There’s a statistical correlation between Gasol’s success and the Lakers’ success in those four postseasons, and there’s no way that other factors could’ve possibly had an impact on his vacillating play. There’s no way Bynum’s absence in 2008 hindered him at all. There’s no way the team’s abandonment of the triangle offense limited Gasol’s play in 2011. He’s just too much of a pansy to handle it all.

This is interesting, though: it seems as if choosing whether to call a player soft or not is a matter of convenience. When it helps to excuse a player’s performance as a product of his cotton-candy nature, that’s just fine. When his performance need not be excused, though, his softness is no longer a topic of discussion. So …

What if the NBA had someone who exemplified the qualities of these players that are routinely labeled softies — but managed to use that softness to his advantage to dominate in the NBA? These playoffs have solidified one guy’s nomination for this role. That guy would be Dirk Nowitzki.

When you think soft, Nowitzki isn’t typically someone who comes to mind. After all, he screams, growls at his opponents, and likes to pump up the crowd. But take a look at his game.

This is a guy who has developed his jumper to have a natural fade on it, such that he falls away from opponents when he shoots. He had nine dunks all year. He attempted fewer shots per game at the rim than Tyler Hansbrough. He doesn’t really jump to contest shots. He shoots a lot of free throws, but many of the fouls he takes are slight taps on his arms, not Andrew Bynum-style maulings. You’ll often see him getting knocked off balance by smaller defenders in the post. And you don’t seem him intimidating other teams with hard fouls himself on defense.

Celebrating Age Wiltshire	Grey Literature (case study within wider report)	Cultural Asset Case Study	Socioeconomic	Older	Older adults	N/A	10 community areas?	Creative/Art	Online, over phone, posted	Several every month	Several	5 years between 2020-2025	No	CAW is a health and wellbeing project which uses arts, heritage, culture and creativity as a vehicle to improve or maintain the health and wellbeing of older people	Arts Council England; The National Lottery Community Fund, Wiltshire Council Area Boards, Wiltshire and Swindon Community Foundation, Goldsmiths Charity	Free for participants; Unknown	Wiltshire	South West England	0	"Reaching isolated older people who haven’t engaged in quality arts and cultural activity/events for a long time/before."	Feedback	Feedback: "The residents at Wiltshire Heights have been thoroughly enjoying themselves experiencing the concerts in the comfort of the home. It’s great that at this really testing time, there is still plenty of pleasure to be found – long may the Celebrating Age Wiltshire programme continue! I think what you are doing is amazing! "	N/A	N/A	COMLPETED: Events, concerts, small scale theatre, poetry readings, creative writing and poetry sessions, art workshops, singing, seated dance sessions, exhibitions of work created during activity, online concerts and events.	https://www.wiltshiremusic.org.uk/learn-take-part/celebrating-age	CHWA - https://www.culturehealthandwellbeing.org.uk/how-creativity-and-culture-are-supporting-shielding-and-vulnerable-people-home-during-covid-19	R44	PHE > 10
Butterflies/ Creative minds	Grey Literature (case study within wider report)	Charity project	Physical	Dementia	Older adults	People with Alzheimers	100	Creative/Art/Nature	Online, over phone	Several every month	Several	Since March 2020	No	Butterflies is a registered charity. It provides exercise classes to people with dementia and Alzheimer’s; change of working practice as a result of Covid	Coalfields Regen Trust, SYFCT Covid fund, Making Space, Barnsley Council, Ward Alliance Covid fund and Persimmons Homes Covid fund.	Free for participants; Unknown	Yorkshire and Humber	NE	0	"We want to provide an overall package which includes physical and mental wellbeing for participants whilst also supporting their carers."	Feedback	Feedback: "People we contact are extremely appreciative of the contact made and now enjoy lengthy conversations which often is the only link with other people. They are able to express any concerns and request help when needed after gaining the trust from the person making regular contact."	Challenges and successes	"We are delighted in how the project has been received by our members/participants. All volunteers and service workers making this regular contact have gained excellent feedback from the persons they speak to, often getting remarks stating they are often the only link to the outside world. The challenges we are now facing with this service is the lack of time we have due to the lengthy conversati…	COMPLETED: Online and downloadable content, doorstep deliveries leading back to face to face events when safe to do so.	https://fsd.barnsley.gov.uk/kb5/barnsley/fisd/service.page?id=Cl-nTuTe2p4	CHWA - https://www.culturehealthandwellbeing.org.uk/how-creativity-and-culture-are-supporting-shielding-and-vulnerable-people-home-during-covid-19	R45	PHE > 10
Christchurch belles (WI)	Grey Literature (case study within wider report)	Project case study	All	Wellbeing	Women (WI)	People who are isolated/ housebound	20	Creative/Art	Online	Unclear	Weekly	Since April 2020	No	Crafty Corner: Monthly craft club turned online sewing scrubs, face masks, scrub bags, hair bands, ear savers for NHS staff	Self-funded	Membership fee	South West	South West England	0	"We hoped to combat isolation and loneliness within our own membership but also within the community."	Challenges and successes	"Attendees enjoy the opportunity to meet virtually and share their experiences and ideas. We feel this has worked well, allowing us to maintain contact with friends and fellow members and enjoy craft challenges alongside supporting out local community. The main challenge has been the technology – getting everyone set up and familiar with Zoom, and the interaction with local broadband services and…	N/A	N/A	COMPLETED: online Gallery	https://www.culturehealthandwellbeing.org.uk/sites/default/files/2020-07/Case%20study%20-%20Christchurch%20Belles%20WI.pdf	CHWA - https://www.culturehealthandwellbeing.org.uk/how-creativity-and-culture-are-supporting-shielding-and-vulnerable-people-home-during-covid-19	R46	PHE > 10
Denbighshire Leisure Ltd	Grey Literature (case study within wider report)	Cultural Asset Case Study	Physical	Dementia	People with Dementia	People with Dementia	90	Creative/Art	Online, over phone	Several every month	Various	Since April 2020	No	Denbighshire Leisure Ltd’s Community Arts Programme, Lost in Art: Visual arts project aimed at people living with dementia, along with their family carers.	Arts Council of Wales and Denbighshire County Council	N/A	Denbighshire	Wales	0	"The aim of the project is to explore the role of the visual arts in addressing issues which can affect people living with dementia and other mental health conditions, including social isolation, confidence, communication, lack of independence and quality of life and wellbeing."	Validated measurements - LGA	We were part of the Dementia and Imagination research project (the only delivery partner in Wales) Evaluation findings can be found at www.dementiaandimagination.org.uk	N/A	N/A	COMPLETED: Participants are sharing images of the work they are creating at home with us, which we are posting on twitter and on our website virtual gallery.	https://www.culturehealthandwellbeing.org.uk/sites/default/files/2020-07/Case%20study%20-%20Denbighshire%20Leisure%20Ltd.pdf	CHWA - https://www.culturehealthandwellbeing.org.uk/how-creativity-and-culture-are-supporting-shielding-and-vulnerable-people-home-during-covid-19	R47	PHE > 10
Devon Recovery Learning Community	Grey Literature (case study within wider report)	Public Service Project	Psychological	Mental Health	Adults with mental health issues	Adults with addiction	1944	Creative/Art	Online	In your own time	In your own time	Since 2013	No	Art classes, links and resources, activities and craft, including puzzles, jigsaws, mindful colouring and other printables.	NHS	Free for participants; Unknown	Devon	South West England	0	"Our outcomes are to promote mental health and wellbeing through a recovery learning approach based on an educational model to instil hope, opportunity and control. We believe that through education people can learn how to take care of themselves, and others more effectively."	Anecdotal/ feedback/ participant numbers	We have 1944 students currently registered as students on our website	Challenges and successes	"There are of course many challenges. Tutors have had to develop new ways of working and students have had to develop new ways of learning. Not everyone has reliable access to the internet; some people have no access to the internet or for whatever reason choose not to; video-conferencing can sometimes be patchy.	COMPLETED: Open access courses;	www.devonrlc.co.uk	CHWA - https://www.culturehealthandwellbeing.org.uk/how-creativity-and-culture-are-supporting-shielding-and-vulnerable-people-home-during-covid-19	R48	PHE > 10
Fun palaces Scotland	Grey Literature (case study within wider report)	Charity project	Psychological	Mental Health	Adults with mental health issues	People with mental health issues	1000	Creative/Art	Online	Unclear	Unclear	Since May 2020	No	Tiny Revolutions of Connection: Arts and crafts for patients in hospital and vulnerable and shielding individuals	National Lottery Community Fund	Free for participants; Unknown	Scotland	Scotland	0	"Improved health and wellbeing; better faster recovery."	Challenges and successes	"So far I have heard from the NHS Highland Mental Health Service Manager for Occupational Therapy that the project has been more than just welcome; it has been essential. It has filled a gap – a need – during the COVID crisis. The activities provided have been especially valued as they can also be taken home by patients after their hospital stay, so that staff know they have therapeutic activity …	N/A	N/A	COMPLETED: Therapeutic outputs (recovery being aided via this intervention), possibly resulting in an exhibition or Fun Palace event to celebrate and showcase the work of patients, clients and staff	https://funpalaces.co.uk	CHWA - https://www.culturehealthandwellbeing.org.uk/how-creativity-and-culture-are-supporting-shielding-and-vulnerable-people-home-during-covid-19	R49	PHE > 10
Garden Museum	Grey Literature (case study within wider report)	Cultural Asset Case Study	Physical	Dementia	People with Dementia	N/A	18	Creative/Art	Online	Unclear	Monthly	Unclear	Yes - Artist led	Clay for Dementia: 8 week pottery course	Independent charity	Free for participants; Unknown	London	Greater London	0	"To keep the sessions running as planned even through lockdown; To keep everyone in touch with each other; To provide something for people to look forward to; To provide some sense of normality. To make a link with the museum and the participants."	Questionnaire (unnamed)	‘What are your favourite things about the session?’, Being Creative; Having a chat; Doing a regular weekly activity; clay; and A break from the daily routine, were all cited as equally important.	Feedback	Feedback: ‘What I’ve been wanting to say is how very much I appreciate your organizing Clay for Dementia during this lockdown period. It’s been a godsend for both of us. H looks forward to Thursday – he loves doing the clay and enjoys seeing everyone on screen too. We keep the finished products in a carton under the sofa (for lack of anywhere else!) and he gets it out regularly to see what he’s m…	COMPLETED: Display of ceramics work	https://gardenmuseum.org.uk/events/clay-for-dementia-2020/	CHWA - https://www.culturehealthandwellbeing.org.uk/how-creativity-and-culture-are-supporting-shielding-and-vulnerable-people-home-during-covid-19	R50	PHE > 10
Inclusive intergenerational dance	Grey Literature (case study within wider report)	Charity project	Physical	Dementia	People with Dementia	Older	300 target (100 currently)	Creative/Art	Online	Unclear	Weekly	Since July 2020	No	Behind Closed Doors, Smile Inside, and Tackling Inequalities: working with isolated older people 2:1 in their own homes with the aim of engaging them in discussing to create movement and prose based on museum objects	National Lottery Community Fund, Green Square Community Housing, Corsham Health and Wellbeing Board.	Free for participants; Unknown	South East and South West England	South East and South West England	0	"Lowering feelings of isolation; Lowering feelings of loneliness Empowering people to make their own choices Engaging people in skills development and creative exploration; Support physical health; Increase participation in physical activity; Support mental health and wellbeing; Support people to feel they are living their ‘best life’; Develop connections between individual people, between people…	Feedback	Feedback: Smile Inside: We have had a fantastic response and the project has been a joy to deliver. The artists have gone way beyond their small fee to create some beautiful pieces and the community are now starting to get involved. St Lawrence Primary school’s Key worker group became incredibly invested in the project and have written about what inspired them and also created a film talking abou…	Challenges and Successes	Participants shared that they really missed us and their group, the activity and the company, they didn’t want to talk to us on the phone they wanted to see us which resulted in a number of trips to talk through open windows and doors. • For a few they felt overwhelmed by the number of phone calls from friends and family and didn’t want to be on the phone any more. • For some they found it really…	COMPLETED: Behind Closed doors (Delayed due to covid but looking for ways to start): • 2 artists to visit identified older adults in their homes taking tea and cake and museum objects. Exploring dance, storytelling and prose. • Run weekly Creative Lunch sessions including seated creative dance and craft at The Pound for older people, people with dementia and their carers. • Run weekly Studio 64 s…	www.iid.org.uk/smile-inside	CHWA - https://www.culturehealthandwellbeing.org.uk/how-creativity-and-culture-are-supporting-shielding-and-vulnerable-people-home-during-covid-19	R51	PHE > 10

You would attribute a lot of those characteristics to the wuss category, so perhaps it’s not the way that these guys play the game that makes people call them soft. Maybe a player has to be bad in order to be considered soft. Maybe we’re willing to look past finesse play so long as it results in wins.

There is no doubt people looked at Dirk in a different light just five years ago, when Dwyane Wade went off in the 2006 Finals, and the Mavericks crumbled after a confidence-building 2-0 lead in the series. Dirk was seen as soft then. The next year, after the Mavericks embarrassingly bowed out to the Warriors in a 1-8 upset in the first round, Dirk was still soft like ice cream. Now, though, no one’s saying that, even while his game has barely changed.

All this talk has surfaced lately about where Nowitzki ranks among all players in the league’s history, with some endeavoring to contend that he belongs in the all-time top 10. Whether or not that’s accurate, it might make some people realize that one of the greatest players to ever touch the hardwood is someone who has been called a weakling.

Maybe Nowitzki is the guy who can make it cool to be soft, who can break that mold of needing to be tough, who can be that graceful tactician without any underlying support of a grizzly nature.

Here’s to changing the culture of basketball for the better, Dirk.

Seth Carstens